Listening to Danh describe his process it struck me that you could do the same thing with human skin. By attaching negatives to your arms or legs over the course of many days you could maybe generate an imprint. I tried this with some Diana negatives but the whole thing was problematic. The negatives wouldn't stay in place. They looked funny. Even if I'd succeeded I'd have no way of preserving the images. I gave up.
Then I realized that I didn't need any negative. Every summer I naturally generate records of the objects covering my skin. Here's where my watch sits.
From about May to October, the only shoes I wear are a pair of Chaco sandals. By late summer my feet look something like this:
These marks are fun but fleeting. There is no way to fix them and by December they're gone. But I think they hint at the essential power of photographs. A photograph is an impression of one thing upon another which then becomes a relic of the original thing. Sometimes it is light impressing on film, or it can be a leaf or skin. It's the interaction that later fascinates, the realization that something happened.
My friend Faulkner has this great old couch passed down from his grandmother. The other day I set my camera down on it without thinking. When I picked it up less than an hour later, there was a perfect imprint which we then both scrambled to photograph.
As with the tan-lines this impression was shortlived, gone within a half hour. To make an imprint that will last for ages requires more investment. Take Winogrand's last M4 for example:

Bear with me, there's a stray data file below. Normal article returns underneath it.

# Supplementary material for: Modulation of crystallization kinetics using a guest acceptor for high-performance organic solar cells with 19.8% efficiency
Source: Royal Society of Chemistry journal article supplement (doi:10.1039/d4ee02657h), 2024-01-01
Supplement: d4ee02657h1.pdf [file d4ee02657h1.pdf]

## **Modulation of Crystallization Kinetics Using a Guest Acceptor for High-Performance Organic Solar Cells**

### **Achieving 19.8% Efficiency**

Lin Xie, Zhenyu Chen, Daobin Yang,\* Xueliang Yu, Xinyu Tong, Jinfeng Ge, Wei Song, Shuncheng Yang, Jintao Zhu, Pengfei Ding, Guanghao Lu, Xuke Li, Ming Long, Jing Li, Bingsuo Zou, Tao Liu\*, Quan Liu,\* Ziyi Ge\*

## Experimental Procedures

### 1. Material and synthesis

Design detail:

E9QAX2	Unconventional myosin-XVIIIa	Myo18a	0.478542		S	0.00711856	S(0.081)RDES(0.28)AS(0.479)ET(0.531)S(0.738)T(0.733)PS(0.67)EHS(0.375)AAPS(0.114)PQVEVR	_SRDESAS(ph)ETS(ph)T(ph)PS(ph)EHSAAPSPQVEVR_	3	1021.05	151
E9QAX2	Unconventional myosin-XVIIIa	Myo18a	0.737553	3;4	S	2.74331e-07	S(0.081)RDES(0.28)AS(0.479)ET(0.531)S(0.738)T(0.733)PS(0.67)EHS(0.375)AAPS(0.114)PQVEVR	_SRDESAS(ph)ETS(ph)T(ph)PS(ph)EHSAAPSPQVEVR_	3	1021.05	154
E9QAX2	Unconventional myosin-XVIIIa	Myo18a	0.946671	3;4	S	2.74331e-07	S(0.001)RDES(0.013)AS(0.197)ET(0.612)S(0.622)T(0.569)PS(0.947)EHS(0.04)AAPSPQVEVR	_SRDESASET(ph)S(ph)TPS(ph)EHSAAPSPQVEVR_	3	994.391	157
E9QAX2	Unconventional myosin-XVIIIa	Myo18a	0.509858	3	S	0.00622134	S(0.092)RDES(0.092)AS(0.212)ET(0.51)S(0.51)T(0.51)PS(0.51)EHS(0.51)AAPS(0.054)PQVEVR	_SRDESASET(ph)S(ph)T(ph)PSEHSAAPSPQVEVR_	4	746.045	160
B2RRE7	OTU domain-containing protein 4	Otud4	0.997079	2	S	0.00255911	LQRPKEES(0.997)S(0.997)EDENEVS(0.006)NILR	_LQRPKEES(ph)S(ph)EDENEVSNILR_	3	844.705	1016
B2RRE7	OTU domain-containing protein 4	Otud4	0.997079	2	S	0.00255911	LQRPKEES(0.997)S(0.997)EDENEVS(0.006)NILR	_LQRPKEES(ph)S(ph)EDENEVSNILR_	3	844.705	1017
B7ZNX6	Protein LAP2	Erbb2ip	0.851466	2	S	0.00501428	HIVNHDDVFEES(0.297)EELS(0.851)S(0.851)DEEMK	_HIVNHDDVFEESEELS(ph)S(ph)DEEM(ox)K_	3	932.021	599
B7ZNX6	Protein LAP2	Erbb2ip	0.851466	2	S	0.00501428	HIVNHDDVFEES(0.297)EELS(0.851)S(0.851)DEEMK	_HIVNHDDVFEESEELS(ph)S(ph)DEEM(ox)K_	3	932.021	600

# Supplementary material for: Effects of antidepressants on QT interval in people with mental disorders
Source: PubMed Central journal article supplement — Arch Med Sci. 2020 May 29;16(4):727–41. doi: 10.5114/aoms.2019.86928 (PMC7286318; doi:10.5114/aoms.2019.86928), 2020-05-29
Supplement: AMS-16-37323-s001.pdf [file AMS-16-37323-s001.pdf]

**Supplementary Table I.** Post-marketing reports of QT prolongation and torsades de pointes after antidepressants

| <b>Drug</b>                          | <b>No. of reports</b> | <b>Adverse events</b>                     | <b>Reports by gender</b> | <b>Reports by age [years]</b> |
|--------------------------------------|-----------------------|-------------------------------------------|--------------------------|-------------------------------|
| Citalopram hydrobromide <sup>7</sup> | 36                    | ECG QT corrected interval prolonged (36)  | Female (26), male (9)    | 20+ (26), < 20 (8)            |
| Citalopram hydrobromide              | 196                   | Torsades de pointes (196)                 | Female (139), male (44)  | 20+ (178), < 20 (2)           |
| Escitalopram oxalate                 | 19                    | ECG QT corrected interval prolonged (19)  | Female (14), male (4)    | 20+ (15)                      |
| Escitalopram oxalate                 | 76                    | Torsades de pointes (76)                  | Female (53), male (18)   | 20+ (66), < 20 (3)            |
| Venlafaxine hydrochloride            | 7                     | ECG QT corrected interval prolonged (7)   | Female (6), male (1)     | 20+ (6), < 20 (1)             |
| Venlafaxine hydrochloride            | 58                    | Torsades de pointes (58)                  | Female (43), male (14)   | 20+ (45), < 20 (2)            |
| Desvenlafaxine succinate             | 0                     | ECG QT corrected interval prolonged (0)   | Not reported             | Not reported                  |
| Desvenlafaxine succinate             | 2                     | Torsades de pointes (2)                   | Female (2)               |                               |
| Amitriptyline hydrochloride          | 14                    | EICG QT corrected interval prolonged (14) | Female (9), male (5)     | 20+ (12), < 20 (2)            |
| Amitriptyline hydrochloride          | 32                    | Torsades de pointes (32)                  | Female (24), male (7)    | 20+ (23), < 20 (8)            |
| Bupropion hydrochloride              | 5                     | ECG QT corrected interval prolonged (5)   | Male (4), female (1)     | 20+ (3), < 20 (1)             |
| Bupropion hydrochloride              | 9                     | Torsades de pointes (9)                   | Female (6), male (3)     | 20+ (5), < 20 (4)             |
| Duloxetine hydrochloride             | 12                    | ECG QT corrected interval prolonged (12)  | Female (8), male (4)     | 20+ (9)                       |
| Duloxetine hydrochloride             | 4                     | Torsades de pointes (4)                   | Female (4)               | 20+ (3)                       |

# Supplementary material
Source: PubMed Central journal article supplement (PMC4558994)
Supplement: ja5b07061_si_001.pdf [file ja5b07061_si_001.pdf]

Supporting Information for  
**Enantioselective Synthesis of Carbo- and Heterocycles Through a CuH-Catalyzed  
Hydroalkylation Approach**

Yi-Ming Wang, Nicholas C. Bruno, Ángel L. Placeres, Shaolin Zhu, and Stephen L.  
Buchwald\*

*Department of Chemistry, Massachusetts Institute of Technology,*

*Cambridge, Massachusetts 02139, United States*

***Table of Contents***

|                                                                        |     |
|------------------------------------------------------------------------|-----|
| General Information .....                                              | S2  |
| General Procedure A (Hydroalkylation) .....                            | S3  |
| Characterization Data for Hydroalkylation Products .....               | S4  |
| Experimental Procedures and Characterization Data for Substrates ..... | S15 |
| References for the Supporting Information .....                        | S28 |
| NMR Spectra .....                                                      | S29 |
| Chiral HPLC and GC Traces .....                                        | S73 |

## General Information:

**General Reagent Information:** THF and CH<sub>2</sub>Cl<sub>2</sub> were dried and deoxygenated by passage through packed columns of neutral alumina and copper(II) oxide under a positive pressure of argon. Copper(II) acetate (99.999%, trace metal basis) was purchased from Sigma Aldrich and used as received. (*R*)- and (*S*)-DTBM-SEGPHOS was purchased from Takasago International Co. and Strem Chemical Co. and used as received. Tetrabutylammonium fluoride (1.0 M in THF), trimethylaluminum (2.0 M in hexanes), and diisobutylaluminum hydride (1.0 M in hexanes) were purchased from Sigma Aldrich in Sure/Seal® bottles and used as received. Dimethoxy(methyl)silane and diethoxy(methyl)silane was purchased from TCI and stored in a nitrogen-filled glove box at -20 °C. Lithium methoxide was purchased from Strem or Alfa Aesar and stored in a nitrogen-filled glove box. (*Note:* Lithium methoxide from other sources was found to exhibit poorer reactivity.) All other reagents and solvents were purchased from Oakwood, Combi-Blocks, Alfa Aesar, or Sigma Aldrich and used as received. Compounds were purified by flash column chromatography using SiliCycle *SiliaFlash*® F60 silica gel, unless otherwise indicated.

The pressure plate shows sprocket marks which were slowly imprinted over the course of thousands of rolls of film. Looking at this image you can't deny something happened! Hundreds of thousands of tiny somethings happened, leaving a visual record more archival than any photograph.
The urge to leave some imprint is a major motivator for many photographers, or for ambitious people in general. We all want to leave some mark behind. We want to fix it as permanently as possible. So we create prints that last 100 or 200 or 300 years or whatever the standard is now. In the end I'm not sure there's much difference between those artifacts and a couch imprint gone in a half hour.
Perhaps the best way to measure the mark of a life is by examining one's tan-lines. If you don't have them you might want to reconsider how alive you are.